Virgen Blanca – The Dedication of the Cathedral of Our Lady of Toledo, Spain and the White Virgin (Also known as the Smiling Madonna) (1085) – 25 October:
The Abbot Orsini wrote: “Dedication of Our Lady of Toledo, in Spain, about the year 1075, by Bernard, Archbishop of that City.”
The City of Toledo in Spain was not reconquered until 1085, when King Alfonso VI, King of Leon and Castile, took the City from the Moors. This was an important step in the Reconquista, as Toledo had once been the capital of Visigothic Spain. The City’s Cathedral had been desecrated and used as a mosque by the Moslem invaders of Spain but the people had the pleasure of seeing it blessed and consecrated in the year 1087. It was placed under the advocacy of the Blessed Virgin Mary, as King Alfonso wrote:
“I, Alfonso, Emperor of all Spain by God’s Providence, convened with the Bishops, namely, that for these ten will I preserve the papal honour of Saint Mary of the City of Toledo, which was formerly the See…”
In 1225 a new Cathedral was begun to replace the older one, for which King Fernando III drew up the plans and laid the cornerstone. Fernando’s good friend, the Archbishop Rodrigo Ximenez de Rada, worked very enthusiastically for the completion of the new Cathedral where he was Bishop.
There are so many masterpieces of art and beautiful Shrines in the City of Toledo, Spain, that a visitor may easily miss the White Virgin. She stands atop an Altar in the choir of Toledo’s magnificent Cathedral. It is said that you can live to be 100 years old, visit this wonderful Cathedral once a week for all of your life and still never finish discovering its glories!
The sacred image of Our Lady is a polychromed alabaster Statue of French origin from the twelfth century. Both Mother and Child are clothed in white, their garments bordered with jeweled gold. Their faces darkened by time, are framed with curly, strawberry-blond hair.
The Statue has also been called the “Smiling Virgin of Toledo;” for the Child’s right hand caresses His Mother’s face, tickling her chin. She responds with a smile that gives this image its popular name. It is also called the “Virgin of Prima” and the “Virgen Blanca.”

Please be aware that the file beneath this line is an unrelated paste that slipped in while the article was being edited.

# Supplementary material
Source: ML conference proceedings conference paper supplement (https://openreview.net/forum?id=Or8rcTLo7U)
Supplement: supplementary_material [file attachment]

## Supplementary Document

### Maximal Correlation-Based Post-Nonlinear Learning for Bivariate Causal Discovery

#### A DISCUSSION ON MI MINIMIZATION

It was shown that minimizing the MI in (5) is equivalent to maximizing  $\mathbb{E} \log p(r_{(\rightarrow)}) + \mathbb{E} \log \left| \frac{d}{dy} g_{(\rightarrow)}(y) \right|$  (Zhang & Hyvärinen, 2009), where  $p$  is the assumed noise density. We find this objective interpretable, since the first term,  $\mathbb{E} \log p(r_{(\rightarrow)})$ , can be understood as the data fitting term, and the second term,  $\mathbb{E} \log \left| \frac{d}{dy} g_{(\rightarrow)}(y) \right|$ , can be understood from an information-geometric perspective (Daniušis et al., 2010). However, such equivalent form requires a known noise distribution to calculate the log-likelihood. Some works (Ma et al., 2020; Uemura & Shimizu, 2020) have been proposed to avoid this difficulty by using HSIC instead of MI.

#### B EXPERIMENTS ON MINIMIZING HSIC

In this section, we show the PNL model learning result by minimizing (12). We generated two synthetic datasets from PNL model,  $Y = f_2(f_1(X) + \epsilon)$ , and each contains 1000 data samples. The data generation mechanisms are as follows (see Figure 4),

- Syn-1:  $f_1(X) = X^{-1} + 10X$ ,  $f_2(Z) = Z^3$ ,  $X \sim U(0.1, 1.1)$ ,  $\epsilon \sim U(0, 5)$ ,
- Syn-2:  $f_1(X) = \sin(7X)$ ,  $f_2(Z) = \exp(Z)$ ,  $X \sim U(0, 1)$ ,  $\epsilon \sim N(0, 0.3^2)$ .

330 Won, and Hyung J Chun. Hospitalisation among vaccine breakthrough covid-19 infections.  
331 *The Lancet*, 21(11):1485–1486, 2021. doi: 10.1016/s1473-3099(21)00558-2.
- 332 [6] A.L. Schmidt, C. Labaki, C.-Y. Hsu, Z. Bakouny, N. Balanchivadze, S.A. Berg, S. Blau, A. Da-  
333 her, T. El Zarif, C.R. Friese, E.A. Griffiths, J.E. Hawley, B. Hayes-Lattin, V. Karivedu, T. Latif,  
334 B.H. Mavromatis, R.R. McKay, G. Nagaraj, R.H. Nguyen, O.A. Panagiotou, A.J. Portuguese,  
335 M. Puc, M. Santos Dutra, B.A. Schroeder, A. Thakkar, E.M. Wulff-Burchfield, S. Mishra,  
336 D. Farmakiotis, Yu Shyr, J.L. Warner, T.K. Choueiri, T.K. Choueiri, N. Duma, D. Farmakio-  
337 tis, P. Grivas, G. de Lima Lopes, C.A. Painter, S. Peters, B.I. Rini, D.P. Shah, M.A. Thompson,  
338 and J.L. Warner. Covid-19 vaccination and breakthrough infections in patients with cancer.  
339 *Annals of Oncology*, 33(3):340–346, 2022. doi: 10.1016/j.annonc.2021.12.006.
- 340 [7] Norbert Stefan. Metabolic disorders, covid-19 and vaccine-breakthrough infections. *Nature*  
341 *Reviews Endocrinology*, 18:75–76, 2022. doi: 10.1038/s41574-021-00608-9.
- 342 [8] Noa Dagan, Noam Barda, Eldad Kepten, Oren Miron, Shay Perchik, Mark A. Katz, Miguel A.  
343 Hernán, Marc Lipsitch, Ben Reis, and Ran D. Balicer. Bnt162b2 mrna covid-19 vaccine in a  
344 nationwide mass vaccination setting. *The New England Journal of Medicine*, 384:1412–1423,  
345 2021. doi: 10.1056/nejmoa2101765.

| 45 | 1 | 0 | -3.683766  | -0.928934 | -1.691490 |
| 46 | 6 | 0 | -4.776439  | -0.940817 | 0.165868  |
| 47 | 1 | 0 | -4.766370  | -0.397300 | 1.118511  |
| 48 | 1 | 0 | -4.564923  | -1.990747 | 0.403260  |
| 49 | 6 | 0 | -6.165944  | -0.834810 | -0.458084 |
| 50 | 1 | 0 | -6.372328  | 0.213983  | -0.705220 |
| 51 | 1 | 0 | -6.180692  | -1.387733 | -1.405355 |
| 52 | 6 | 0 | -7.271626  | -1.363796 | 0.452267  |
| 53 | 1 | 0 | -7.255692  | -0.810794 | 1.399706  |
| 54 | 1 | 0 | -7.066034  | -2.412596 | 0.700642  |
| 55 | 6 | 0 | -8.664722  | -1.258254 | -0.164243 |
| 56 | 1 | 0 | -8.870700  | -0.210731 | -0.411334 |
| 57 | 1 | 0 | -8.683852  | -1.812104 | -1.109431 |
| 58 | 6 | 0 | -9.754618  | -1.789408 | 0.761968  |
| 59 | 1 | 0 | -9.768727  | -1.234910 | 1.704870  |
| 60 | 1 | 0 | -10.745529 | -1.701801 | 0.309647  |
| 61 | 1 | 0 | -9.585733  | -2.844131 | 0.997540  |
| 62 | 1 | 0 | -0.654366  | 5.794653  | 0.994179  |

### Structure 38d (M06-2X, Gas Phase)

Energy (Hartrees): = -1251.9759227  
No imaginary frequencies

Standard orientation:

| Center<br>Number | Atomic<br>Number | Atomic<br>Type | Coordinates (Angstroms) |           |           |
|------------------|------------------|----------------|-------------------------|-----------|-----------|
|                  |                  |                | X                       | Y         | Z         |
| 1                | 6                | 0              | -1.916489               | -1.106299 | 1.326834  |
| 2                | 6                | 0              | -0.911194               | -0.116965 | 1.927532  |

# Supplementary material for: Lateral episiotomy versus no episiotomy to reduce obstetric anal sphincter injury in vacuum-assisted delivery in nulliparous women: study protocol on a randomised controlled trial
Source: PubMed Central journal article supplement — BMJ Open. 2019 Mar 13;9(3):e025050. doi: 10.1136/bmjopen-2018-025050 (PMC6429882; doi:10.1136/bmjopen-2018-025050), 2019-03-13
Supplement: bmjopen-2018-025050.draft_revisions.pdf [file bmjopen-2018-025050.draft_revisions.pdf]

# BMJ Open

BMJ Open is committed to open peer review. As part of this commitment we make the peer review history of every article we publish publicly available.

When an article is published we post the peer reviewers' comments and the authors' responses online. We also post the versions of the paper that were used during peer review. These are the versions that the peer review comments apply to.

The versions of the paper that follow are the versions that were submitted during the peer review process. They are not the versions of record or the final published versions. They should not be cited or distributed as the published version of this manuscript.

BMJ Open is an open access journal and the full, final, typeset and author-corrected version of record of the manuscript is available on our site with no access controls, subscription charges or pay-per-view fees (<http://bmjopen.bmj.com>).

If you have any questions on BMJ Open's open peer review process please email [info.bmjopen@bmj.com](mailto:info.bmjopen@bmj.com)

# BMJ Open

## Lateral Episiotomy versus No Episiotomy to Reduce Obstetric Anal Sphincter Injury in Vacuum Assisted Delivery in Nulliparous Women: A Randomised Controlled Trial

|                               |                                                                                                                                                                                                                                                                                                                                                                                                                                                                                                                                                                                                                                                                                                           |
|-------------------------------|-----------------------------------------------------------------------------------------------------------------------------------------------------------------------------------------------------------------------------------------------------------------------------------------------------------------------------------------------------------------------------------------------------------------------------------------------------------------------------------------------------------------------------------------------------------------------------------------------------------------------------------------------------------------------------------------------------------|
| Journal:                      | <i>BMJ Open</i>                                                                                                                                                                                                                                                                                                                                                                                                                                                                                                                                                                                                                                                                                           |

There is also another artifact worthy of special mention and that is the ten foot tall great Monstrance of Arfe. It is made of both silver and gold, inset with precious gems. It took nearly 8 years to construct and is done in a Gothic style that is truly a magnificent work of art.
St Alfons Arimany Ferrer
St Bernard of Calvo
St Canna verch Tewdr Marw
St Crispin & St Crispian – (†285 or 286) Martyrs, Twsin brothers Laymen.
St Cyrinus of Rome
Bl Edmund Daniel
St Fronto of Périgueux
St Fructus of Segovia
St Gaudentius of Brescia (Died 410) Bishop
St George of Périgueux
St Goeznoveus of Leon
Bl Henry of Segusio
St Hilary of Javols
St Hilary of Mende
St Hildemarca of Fecamp
St Januarius of Sassari
St Lucius of Rome
St Lupus of Bayeux
St Mark of Rome
St Maurus of Pécs OSB (c 1000-c 1075) Bishop, the first Hungarian Benedictine Monk and Abbot, Peace-maker, Writer and Hagiographer.
St Miniato of Florence
St Peter of Rome
St Protus of Sassari
St Recaredo Centelles Abad
Blessed Thaddeus McCarthy (c 1455–1492) “White Martyr of Munster” – Bishop
The Pain of Earthly Rejection but Beloved of the Lord:
St Theodosius of Rome
Martyrs of Constantinople:
Martyrs of Cruz Cubierta – 5 beati: A mother, Blessed María Teresa Ferragud Roig de Masiá and her four daughters, Blessed María Joaquina Masiá Ferragud, Blessed María Vicenta Masiá Ferragud, Blessed María Felicidad Masiá Ferragud and Blessed Josefa Ramona Masiá Ferragud, all nuns, who were Martyred in the Spanish Civil War, on 25 October 1936 in Cruz Cubierta, Alzira, Valencia, Spain.
They were Beatified on 11 March 2001 by St Pope John Paul II.
Forty Martyrs of England and Wales – 40 saints: Following the dispute between the Pope and King Henry VIII in the 16th century, faith questions in the British Isles became entangled with political questions, with both often being settled by torture and murder of loyal Catholics. In 1970, the Vatican selected 40 martyrs, men and women, lay and religious, to represent the full group of perhaps 300 known to have died for their faith and allegiance to the Church between 1535 and 1679. They each have their own day of memorial, but are remembered as a group on 25 October.
• Alban Roe • Alexander Briant • Ambrose Edward Barlow • Anne Line • Augustine Webster • Cuthbert Mayne • David Lewis • Edmund Arrowsmith • Edmund Campion • Edmund Gennings • Eustace White • Henry Morse • Henry Walpole • John Almond • John Boste • John Houghton • John Jones • John Kemble • John Lloyd • John Pain • John Plesington • John Rigby • John Roberts • John Southworth • John Stone • John Wall • Luke Kirby • Margaret Clitherow • Margaret Ward • Nicholas Owen • Philip Evans • Philip Howard • Polydore Plasden • Ralph Sherwin • Richard Gwyn • Richard Reynolds • Robert Lawrence • Robert Southwell • Secular Clergy • Swithun Wells • Thomas Garnet.
Martyred in the Spanish Civil War:
• Blessed Alfons Arimany Ferrer
• Blessed Recaredo Centelles Abad